But that’s not to say that Wright’s contributions here aren’t worth hearing. He definitely is fully invested and possesses an admirable showmanship from start to finish.

Some of the lines are… well, if not sensible, at least memorable, such as the opening couplet which pretty much establishes the off-the-wall nature of the record:

”Hey little bald headed man, this is Q on the avenue
Don’t you know that the witch is watching you?”

Make of that what you will, but you’d have to be devoid of even a shred of curiosity to not want to keep listening to find out what the hell he’s talking about.

We never do really find out, but the rest of the tale is interesting in a cockeyed sort of way and is aided by Wright’s theatrical vocal technique which ranges from a hard declarative delivery at times to a breathy sigh at others… the very components that Little Richard would further hone and establish as the bedrock of his entire style.

Of course Richard was for the most part using a far more forceful approach with his songs, which also utilized a better musical foundation that never let up which helped enormously in making the records instantly catchy.

Funny though how that line from Wright to Richard to James Brown (who used to stand in for Little Richard in some 50’s gigs and later picked up his band The Upsetters) sort of evolved, isn’t it? Each subsequent generation takes from the one before them which is what allows rock ‘n’ roll such continuity over the decades.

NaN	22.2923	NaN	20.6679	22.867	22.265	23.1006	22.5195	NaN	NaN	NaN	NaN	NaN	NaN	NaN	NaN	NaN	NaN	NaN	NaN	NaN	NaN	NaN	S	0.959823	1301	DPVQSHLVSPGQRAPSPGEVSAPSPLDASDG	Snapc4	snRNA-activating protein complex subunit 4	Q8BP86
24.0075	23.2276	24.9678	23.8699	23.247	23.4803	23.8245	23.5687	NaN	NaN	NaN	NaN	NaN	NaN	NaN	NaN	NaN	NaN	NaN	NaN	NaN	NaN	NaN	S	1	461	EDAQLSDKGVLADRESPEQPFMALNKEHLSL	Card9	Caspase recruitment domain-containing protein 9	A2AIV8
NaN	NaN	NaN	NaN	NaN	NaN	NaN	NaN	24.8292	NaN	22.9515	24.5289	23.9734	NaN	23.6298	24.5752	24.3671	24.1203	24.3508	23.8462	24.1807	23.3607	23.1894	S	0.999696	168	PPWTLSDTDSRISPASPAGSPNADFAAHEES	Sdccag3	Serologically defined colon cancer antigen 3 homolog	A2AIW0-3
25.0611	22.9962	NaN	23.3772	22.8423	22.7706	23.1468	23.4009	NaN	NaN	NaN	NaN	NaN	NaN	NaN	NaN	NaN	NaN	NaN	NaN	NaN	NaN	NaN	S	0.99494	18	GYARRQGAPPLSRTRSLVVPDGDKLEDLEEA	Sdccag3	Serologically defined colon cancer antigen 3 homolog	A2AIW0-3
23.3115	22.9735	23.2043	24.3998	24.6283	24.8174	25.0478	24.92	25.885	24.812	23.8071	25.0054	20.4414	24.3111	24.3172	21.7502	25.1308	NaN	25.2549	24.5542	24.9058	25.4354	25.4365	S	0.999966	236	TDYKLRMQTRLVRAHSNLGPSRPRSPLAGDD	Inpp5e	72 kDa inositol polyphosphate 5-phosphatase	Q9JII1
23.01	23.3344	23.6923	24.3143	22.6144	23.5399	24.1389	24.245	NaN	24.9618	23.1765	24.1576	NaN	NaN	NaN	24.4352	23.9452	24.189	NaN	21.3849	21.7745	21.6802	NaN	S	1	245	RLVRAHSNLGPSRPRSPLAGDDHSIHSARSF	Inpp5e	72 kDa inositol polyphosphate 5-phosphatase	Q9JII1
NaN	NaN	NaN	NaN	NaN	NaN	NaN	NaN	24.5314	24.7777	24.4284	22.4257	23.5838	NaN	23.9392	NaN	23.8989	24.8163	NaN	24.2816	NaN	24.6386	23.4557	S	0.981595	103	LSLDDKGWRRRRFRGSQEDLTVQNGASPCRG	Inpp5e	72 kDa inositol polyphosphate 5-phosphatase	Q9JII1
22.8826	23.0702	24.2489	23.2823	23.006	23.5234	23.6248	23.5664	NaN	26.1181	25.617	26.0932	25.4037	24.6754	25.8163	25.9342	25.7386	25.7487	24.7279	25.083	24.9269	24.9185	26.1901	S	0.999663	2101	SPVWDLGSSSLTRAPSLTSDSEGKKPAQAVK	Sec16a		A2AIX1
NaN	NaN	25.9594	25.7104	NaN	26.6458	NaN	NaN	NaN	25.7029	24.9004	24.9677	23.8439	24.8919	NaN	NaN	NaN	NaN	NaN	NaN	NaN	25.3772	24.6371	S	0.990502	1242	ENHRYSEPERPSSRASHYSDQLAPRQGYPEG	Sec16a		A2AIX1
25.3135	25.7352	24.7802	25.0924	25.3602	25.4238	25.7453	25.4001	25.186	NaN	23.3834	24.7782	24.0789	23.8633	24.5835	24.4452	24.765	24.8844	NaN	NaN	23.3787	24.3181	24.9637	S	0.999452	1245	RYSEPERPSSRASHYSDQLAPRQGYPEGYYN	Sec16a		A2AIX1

Anyway, When The Wagon Comes may not be much more than a intriguing curio years later, hardly an indisputable influence over future styles regardless of a few faint concepts they may share, but with a better arrangement the pieces were at least in place for Wright to have a solid record out of this instead of something easily passed over or dismissed out of hand.

Everybody Fall In Line
Though music evolves over time – often morphing into something that seems alien to earlier generations – there’s really a pretty standard set of components that get endlessly recycled no matter the era… or for that matter, no matter the style.

But when there’s a slight variation in the way in which a song is built, like When The Wagon Comes, it doesn’t matter what style it is being made for, there’s bound to be some uncertainty when encountering it at first.

That the technique of semi-spoken vocals goes back a long way on stage, and even in some popular records, there still needs to be a way to give audiences something comfortably familiar surrounding it to make for easier acceptance.

That was their failing here, de-emphasizing the very thing that might’ve made this eagerly embraced.

So while this contains some good ideas and a strong performance in the middle of it all, the experiment goes a little awry. But without these trips to the laboratory every now and then, music becomes stagnant and runs the risk of losing the sense of discovery which lures in each subsequent generation along the way… the tantalizing promise that they’d be the first to latch on to something new.

This wasn’t it, but it was a tentative step in another direction which may pay off down the road and that is hardly anything to be critical of when it comes to music.


(Visit the Artist page of Billy Wright for the complete archive of his records reviewed to date)